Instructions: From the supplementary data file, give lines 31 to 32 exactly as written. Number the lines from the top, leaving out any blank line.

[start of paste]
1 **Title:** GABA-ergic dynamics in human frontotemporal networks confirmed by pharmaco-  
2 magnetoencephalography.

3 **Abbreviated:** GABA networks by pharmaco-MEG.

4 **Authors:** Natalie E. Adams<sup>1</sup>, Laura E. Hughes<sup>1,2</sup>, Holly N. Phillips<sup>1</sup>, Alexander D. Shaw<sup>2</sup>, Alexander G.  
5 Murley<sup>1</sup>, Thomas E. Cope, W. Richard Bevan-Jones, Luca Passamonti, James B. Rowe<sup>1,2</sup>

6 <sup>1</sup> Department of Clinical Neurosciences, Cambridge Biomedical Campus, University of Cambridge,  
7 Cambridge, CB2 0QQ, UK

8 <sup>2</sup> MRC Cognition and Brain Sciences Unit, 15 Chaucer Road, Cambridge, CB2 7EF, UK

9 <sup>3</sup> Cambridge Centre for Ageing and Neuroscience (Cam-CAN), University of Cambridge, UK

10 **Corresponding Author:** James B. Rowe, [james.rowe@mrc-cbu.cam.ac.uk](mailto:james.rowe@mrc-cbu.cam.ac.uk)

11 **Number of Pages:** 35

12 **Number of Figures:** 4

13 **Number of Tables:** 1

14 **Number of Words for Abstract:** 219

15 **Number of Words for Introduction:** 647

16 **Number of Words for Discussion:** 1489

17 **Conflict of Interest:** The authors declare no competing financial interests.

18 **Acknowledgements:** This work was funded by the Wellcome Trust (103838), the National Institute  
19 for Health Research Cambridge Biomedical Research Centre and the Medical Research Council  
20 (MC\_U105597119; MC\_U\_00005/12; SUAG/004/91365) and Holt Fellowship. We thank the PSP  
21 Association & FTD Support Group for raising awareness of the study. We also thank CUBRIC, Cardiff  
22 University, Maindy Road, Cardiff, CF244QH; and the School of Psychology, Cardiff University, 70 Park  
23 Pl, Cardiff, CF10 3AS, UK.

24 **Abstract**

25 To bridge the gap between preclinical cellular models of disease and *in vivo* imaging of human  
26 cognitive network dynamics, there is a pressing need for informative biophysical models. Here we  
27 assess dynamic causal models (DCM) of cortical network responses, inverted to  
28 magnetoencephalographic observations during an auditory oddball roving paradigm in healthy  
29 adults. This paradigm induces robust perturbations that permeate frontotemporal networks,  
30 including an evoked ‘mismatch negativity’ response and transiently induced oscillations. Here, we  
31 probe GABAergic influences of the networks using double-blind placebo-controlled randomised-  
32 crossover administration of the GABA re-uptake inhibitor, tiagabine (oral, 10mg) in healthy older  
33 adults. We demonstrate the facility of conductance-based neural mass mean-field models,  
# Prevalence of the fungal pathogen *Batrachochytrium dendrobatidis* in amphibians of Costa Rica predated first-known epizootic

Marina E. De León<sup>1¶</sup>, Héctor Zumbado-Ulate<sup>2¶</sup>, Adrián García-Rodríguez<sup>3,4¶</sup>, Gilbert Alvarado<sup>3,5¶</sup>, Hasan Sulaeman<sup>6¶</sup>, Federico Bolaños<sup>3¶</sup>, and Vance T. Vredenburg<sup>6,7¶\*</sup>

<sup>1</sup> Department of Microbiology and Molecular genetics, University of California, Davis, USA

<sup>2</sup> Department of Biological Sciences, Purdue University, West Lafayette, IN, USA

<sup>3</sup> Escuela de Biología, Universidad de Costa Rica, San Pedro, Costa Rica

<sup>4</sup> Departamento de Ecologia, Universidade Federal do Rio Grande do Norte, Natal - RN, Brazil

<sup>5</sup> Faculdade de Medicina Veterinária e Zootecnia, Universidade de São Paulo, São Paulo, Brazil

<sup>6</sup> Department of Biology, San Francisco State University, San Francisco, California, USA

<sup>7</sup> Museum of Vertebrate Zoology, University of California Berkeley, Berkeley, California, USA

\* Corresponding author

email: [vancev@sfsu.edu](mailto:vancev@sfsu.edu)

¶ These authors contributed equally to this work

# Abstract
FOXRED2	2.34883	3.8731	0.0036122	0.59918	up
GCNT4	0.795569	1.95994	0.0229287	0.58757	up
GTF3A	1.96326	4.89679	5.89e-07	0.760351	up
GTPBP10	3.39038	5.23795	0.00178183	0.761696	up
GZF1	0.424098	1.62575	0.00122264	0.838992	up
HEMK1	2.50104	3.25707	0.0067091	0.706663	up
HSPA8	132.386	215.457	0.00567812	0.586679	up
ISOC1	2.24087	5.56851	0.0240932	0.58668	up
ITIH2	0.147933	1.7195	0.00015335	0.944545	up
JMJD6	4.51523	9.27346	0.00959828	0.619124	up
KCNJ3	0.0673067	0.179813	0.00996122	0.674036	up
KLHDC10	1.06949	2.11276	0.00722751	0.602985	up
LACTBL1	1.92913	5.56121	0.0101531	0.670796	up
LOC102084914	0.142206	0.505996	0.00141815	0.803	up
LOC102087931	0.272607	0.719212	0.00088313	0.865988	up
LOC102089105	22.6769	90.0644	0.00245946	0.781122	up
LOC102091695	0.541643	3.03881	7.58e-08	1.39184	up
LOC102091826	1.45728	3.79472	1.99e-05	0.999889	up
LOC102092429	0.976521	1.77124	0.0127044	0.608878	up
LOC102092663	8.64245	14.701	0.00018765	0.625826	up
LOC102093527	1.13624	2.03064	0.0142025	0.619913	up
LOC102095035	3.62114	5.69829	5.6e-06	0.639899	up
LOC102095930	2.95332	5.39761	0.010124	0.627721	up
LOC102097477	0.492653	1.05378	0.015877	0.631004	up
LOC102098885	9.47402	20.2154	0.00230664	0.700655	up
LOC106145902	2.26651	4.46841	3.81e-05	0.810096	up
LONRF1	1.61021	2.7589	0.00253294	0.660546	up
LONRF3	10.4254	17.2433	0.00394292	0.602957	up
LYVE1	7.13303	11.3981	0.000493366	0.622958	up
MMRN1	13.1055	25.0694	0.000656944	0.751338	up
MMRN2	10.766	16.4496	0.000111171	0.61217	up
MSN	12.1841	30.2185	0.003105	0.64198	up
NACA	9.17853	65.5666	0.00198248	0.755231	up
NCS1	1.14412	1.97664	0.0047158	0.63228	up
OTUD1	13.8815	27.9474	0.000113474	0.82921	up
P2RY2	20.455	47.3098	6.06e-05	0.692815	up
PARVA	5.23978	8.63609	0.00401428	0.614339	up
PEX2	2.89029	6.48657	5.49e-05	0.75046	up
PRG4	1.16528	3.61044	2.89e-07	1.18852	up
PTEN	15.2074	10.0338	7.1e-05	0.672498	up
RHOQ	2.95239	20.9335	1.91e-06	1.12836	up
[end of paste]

31 probe GABAergic influences of the networks using double-blind placebo-controlled randomised-  
32 crossover administration of the GABA re-uptake inhibitor, tiagabine (oral, 10mg) in healthy older  